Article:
by Raji Singh
As I archive the mid 19th and early 20th century Fiction House Publishing, I am finding bits and pieces of rough drafts and published works. Some of the roughs were gnarred-on by carrier pigeons that delivered them from chief writer William ‘Golden Boy’ Golden to Editor James Thaddeus ‘Blackjack’ Fiction.
This piece is predominantly in the words of Golden Boy – 90, 95 percent; however, I took the liberty of deducing the ‘gnarred-on’ and missing sections and adding them in. No doubt, when I discover corroborating works my deductions will prove truly Sherlock Holmian. That said…
(Somewhere along the banks of the Kaw, in Free State ‘Bleeding Kansas’, in the 1850s)
The longwinded banner hanging between two walnut trees cheerily announces to those entering the glade, ‘WELCOME TO THE BORDER RUFFIANS PRO-SLAVE, ANTI-ABOLITIONING, and MONTHLY JAYHAWKER-PLUCKING PICNIC.’
Just up the river ‘apiece’….My ‘wonder-flee eccentric’ great-great granduncle William turns into Willamina to clandestinely infiltrate the after ‘Sunday come-to-meeting’ gathering. He leans, looking into Turt’s eyes, clear mirrors. Carefully, Willamina applies the last of his rouge. Not too much. Can’t shock the steadfast churchers – even if they’re a pack of hate mongering, lower than rattler, rabble.
~ ~ editor’s note Turt’s an enormous land-sea creature thought extinct – a Trumpeter turtle: A friend, guardian, helper to Blackjack, Golden Boy, Captain Polly. Turt’s been a Fiction from the day he met Blackjack when Blackjack was four. Charles Darwin found Turt on his way to the Galapagos Islands, although Turt was never lost. See Turt’s tale in Tales of the Fiction House ~ ~
Willamina’s in his most conservative ankle-length gingham and calico. His golden locks, that norm-ly, umm, usu-ly flow like crystal white wine, are properly bunned under his bonnet. He’s looking properly plumpish for this crowd, because underneath he wears his cowboy jeans and canvas shirt, in case a quick change becomes necessary. His Colt revolver’s ‘neath the bowls of tater salad, baked beans, and fried chicken in his wicker picnic basket.
“Wait in the river. May need you,” he tells Turt. “Don’t suppose I will, but in this business – be prepared. Oh I know you’d as soon snap off a pro-slavers arm as look at them fella, but the information I gather today, mark my word, will garner us a hundred victories.”
Turt starts to trumpet of his trepidation of such a high risk being taken by his Golden Boy – today Golden Goddess Willamina. Willamina clamps his beak-snout shut with his gnarly fingers (didn’t get to that soak and manicuring last night). He edges Turt along the slippery bank and into the water.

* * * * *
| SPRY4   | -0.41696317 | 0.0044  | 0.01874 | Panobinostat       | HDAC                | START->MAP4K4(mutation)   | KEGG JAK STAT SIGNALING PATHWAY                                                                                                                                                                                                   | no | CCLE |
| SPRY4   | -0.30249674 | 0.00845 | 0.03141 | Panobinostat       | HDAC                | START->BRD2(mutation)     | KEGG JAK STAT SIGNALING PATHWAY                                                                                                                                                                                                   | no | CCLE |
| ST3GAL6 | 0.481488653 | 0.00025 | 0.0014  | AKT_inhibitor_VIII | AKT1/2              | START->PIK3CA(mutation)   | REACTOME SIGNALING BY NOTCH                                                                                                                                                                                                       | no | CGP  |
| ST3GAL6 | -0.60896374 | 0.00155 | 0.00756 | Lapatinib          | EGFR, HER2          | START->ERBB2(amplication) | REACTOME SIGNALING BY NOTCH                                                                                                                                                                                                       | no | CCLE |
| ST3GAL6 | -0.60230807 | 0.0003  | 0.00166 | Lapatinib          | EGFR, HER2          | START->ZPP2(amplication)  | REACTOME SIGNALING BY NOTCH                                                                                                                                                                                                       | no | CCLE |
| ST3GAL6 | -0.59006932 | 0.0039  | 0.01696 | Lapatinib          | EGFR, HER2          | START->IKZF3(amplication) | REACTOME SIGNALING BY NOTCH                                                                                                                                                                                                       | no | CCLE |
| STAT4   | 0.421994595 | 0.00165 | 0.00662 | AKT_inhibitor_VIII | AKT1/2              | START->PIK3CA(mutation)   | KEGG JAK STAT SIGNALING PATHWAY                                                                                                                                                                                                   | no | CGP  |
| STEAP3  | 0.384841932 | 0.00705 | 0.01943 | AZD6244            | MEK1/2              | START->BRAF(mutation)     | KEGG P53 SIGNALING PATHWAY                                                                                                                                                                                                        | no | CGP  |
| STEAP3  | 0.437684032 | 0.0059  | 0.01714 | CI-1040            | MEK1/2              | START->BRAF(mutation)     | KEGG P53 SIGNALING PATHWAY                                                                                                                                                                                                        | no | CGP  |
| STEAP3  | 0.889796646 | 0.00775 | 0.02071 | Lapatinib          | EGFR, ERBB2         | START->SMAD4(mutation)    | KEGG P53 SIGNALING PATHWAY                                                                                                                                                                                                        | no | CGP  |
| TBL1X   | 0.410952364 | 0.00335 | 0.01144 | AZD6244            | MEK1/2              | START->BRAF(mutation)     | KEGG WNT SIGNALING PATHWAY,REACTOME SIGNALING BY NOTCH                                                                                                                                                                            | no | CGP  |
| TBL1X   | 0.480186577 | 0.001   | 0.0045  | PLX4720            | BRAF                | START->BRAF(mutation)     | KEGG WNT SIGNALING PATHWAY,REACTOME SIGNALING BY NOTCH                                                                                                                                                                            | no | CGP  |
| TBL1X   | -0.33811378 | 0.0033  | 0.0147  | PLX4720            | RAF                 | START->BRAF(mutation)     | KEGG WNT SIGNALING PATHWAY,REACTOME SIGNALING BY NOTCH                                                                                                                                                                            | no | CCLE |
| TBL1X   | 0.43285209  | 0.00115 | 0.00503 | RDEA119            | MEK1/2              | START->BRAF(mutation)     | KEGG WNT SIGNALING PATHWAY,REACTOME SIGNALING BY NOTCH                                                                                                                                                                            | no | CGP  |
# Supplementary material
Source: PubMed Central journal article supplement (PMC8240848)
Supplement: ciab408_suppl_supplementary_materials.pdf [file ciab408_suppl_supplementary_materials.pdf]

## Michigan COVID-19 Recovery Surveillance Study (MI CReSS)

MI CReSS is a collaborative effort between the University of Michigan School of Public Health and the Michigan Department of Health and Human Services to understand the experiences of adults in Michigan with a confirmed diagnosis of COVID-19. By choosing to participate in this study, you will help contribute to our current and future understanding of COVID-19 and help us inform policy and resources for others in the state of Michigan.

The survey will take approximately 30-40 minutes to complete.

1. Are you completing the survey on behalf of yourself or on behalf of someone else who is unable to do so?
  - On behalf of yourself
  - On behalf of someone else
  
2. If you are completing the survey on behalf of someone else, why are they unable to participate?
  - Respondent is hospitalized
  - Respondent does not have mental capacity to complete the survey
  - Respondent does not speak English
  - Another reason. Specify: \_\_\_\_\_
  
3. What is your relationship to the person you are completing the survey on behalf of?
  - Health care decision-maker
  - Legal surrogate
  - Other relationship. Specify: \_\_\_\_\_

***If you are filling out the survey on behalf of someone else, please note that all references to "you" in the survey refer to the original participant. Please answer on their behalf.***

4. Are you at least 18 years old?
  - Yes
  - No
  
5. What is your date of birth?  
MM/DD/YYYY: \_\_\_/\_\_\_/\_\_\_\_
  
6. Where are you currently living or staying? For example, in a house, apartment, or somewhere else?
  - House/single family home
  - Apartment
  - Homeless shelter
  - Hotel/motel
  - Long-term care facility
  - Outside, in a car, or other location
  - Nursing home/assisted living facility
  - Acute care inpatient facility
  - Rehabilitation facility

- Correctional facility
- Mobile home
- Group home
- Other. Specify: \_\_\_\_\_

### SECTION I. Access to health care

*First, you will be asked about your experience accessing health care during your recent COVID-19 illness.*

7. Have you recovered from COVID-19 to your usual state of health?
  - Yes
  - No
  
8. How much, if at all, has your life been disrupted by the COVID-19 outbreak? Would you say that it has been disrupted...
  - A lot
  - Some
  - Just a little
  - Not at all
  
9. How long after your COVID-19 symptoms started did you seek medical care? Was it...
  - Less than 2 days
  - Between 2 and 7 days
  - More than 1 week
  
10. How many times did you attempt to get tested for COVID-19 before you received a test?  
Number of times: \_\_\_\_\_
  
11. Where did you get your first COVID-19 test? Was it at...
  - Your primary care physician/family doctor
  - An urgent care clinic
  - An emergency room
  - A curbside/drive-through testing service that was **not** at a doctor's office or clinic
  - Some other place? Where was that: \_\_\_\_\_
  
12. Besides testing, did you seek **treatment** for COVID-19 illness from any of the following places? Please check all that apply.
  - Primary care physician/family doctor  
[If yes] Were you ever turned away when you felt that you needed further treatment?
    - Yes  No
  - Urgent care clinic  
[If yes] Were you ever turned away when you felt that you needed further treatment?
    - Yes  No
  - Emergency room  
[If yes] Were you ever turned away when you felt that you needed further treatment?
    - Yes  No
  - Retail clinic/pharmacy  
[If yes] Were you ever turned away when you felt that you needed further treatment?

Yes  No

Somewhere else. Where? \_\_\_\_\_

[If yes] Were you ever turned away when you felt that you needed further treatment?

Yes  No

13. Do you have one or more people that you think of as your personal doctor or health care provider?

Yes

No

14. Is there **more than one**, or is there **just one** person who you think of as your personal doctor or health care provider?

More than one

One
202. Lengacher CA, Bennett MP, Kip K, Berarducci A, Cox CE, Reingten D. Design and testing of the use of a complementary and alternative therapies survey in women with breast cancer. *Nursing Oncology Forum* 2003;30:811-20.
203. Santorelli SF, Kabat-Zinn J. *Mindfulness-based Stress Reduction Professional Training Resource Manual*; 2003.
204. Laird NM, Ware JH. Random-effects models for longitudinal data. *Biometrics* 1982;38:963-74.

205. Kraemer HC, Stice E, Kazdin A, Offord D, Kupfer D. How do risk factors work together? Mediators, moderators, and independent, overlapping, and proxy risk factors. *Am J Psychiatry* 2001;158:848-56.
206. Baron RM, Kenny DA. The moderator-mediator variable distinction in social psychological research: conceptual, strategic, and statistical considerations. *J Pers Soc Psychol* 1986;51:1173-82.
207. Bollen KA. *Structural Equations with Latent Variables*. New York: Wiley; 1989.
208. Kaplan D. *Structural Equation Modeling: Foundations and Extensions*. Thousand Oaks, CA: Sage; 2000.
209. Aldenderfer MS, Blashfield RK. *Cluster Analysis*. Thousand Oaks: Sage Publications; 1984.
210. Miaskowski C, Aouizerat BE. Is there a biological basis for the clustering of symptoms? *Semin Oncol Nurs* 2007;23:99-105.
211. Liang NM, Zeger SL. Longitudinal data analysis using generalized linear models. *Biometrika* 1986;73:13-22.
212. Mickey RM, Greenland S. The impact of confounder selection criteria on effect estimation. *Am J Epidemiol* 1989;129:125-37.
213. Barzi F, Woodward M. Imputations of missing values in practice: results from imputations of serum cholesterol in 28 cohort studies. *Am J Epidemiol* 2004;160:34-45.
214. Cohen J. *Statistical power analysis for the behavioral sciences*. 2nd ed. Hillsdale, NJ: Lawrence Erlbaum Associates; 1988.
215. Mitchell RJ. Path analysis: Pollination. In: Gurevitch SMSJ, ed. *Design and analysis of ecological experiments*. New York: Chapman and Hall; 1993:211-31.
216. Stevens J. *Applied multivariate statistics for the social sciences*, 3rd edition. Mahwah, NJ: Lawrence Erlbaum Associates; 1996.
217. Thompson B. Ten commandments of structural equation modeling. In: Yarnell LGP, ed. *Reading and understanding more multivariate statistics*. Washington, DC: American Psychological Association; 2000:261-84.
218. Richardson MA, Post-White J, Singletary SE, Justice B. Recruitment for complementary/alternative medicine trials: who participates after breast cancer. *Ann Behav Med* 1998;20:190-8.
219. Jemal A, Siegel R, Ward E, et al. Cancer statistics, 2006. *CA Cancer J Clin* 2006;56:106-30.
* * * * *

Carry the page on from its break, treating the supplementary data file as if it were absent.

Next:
Just in time, because approaching is his pro-slaver date for the afternoon, Jake.
“There you be My Sweet Pea, Willaminee. Come, My Little Legume. Lots of folks chompin’ at the bit to meet you.”
Willamina quickly slips on white gloves. “Land sakes, Jake. Papa dropped me off almost an hour ago. Been biding my time for you.”
Jake moves to peck Willamina’s cheek. Willamina turns it. “Not now. That’ll have to wait.” Your penalty for keeping a lady waiting.” Keep leading him on. Bill and coo like Captain Polly taught you how. You’ll get what you want from him, and maybe he’ll get a visit from John Brown or any of his equally fiery and sadistic ilk, as payment.
Willamina sees the rise of sexual adrenalin reflected in Jakes rheumy eyes; feels it momentarily when Jake pulls him close, hears it an almost animal growl that percolates from deep in his throat, smells it in the wild musk endorphins that’ve been set astir. Willamina can barely breath – Jake’s ranker than any bear cave he’s had to hole up in to shake free of pro-slavers tailing him for his gun-running to abolitionist.
He pushes Jake away, but then takes his arm. ‘Escort me, you vile creature, into the hating lair of mine adversary,’ Willamina mentally writes to help stay calm. ‘As you read my tome, be it known my fellow abolitionist in the east and in New England, that I’m scribing – by the seat of my dress.’ (All of Golden Boy’s postings are printed within days of their birth-ing by Fiction House Publishing, thanks to Captain Polly air mail or, quicker yet, the Fiction House carrier pigeon c- mail service.)
Flying high above the picnic, unnoticed by nearly everyone, is Captain Polly. ‘Got to get Golden Boy alone,’ calculates Captain Polly, ‘to let him know his cover’s blown. Soon to arrive is that sly, dirty bird of an informer that’s tipped its wing.’
NEXT TIME: See how Captain Polly clipped the informer’s wings, in, A TALE OF TWO BIRDS.
~ ~ editor’s historical addendum: The pre-civil war Free State strugglers of Bleeding Kansas (“ad astra per aspera,” their motto) were bound together in warding off pro-slave border state ‘ruffians’ seeking to end racial tolerance in their Kansas neighbor. (‘Border ruffians’ was a too kindhearted nickname for the murderers.)
One of the numerous terms for the mid-westerners with anti-slave sentiments were, Jayhawkers. Of course, no such bird existed. The jayhawk was a composite of many types. Repeated observer accounts tell of the appearance of a real bird, strangely arrayed in various plumages, as if Picasso could have been it’s ‘feather- ier’. Mud and grime often sullied its many colors, as if it were in disguise.
This bird did exist and was thought to be the model for the imaginary jayhawk. It was a parrot. Her name was Captain Polly. She was author-adventurer Golden Boy’s abolitionist cohort and friend. She so hated slavery. Why? She, herself was one, on a ship for many years. To a ‘master’ Captain so vile he’d…
Read accounts of her horrible fate from which she emerged victorious, in, Tales of the Fiction House. ~ ~
©2012 by Raji Singh